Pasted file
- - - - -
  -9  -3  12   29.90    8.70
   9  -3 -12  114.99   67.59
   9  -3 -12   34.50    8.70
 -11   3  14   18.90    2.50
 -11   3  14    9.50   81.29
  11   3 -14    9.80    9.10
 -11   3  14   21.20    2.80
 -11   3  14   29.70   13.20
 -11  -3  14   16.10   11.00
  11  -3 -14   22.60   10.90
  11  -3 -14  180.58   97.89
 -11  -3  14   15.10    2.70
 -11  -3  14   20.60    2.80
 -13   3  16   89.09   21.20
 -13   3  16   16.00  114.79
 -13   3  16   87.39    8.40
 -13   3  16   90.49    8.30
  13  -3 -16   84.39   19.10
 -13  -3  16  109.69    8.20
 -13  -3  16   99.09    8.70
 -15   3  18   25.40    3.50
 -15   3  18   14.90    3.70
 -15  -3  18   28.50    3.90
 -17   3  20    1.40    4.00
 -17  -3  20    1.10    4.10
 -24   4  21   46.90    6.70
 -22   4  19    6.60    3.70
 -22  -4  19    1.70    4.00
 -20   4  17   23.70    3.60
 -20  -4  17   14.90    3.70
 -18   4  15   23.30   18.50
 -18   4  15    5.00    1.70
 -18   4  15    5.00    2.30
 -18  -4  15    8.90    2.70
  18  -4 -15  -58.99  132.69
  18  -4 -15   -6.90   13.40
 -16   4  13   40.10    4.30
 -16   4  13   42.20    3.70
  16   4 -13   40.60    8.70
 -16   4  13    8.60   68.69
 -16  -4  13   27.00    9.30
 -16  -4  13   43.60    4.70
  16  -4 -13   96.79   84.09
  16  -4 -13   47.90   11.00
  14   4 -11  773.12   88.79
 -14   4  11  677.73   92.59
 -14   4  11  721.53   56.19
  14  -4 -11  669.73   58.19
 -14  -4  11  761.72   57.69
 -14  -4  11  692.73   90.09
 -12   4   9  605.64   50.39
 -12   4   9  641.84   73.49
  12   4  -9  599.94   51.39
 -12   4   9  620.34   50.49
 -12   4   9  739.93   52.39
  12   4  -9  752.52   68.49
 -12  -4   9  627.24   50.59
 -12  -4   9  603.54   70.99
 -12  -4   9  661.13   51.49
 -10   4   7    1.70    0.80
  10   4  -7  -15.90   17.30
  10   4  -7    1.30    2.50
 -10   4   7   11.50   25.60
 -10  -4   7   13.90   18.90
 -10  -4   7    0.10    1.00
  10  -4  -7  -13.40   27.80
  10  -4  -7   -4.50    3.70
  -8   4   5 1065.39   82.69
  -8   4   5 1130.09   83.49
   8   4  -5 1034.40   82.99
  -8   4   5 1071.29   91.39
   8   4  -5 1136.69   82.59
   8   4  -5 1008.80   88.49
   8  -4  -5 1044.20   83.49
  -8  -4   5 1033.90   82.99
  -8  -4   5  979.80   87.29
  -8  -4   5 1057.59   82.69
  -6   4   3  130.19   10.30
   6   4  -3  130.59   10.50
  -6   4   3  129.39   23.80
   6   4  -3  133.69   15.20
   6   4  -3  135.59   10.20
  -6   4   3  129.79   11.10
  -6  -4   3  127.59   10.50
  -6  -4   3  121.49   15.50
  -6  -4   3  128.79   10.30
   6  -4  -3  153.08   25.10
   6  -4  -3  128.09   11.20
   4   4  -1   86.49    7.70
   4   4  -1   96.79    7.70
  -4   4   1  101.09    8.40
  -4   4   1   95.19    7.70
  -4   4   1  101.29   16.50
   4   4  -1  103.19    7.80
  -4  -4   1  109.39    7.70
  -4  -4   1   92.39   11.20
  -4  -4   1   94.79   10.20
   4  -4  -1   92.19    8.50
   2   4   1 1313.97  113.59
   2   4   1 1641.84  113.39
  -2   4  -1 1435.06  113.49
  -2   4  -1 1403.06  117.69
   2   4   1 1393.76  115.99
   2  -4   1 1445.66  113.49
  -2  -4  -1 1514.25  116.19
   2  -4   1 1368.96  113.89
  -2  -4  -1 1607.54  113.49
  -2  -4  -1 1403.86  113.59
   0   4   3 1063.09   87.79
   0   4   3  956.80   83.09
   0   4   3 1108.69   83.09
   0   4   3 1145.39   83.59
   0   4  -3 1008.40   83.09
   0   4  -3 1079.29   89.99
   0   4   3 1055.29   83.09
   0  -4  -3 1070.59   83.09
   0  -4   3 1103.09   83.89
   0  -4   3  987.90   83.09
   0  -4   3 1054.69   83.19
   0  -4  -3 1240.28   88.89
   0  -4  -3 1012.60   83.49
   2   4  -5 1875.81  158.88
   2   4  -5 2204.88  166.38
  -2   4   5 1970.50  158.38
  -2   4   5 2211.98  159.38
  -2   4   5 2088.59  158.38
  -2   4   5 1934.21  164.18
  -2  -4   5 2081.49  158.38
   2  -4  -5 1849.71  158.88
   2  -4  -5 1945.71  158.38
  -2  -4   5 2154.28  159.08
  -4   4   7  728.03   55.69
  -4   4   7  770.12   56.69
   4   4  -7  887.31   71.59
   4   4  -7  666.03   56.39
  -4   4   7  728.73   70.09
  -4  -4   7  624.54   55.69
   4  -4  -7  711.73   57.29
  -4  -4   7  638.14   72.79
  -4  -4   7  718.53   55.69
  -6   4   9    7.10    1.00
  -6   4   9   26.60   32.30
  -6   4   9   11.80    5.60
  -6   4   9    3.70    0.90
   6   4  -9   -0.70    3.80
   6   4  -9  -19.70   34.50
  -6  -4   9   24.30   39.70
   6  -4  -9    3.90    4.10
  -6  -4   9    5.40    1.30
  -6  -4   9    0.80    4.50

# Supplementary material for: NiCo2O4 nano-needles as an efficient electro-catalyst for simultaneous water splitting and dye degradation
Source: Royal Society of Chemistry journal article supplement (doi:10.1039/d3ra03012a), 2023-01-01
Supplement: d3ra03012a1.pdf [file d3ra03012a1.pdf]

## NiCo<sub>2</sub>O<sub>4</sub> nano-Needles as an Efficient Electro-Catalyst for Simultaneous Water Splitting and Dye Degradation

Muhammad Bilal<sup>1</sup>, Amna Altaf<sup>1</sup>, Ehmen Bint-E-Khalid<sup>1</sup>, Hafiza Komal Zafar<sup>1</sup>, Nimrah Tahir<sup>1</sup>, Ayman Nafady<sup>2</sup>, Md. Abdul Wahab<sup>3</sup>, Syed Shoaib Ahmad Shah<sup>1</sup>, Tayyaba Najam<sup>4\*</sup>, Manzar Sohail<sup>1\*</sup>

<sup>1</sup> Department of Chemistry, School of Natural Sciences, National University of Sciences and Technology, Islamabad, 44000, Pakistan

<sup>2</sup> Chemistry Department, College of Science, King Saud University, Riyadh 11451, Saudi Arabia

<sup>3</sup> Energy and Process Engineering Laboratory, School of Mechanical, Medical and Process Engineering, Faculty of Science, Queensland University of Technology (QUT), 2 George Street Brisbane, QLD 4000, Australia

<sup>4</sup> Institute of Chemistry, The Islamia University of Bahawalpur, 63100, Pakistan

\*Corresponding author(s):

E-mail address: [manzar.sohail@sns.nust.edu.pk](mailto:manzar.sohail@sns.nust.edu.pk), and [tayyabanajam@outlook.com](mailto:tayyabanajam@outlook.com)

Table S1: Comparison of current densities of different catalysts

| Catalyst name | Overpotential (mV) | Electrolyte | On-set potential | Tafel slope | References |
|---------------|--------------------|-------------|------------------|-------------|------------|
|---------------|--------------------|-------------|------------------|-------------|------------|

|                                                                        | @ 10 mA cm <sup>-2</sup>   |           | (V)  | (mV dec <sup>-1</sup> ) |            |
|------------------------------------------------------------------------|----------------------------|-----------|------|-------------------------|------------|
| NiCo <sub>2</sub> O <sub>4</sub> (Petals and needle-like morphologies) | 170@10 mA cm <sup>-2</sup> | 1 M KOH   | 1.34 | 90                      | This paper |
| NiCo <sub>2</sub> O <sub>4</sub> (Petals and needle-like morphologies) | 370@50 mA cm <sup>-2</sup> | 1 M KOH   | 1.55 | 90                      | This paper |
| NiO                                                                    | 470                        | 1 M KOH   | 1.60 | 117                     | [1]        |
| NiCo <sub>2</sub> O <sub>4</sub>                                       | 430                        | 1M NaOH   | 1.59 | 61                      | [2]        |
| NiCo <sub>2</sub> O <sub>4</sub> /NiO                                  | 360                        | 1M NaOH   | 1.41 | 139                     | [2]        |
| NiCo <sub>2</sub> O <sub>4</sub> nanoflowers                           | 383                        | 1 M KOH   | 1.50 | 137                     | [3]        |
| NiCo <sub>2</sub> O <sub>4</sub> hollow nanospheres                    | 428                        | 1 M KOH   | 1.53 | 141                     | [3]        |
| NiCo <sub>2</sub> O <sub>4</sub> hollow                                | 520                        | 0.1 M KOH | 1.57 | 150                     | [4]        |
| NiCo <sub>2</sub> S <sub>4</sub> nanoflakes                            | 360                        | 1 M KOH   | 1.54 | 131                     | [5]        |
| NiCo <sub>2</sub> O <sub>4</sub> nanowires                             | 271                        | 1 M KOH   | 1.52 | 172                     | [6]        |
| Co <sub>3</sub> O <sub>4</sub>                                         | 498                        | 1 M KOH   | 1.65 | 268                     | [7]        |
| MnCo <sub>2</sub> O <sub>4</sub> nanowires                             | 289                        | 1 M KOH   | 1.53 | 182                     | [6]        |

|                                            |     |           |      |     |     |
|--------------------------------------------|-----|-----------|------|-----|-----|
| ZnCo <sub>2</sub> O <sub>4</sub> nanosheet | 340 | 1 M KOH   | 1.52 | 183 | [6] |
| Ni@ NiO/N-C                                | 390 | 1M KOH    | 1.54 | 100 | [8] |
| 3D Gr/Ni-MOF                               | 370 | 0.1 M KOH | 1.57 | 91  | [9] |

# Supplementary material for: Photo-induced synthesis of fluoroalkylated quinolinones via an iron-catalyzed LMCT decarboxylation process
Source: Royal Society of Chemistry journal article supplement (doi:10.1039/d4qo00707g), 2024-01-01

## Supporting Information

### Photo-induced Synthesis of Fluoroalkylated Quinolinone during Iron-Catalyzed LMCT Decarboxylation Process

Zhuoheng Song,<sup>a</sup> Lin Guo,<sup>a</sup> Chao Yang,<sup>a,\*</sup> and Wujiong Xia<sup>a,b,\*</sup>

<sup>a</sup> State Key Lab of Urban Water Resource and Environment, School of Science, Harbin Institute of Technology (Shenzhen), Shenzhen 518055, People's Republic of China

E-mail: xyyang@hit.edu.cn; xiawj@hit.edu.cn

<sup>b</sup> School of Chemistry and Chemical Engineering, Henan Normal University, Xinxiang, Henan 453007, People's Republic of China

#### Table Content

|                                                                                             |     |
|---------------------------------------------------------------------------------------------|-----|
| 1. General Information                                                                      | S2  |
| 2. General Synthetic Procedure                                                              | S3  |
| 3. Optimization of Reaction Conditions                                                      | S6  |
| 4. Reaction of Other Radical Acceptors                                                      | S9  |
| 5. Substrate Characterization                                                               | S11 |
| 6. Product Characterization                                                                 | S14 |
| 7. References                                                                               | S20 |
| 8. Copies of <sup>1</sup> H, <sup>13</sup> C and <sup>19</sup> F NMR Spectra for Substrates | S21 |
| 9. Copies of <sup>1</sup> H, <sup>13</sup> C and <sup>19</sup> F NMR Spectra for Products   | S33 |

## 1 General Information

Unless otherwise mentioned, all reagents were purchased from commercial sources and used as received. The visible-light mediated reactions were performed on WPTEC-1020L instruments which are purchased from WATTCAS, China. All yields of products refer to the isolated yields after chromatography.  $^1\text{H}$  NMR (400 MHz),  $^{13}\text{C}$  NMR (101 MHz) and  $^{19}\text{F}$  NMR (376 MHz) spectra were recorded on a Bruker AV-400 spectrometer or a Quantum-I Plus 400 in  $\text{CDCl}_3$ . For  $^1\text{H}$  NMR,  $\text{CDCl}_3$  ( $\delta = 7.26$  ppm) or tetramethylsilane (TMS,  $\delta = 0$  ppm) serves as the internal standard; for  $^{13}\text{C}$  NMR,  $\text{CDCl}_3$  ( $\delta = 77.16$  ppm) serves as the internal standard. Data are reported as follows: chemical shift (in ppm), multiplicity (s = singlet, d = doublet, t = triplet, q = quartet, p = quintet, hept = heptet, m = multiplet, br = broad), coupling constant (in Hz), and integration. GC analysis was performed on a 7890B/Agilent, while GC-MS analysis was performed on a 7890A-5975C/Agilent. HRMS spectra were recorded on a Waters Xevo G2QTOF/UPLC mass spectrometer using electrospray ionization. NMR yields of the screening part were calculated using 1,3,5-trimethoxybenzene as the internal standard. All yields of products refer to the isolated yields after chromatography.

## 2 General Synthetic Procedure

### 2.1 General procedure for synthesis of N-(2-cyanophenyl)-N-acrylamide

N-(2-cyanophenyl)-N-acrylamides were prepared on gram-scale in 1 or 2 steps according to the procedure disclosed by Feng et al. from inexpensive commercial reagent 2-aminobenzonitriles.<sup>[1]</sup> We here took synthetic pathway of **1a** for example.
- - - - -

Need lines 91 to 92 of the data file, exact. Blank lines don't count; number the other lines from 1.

  -4   4   1  101.09    8.40
  -4   4   1   95.19    7.70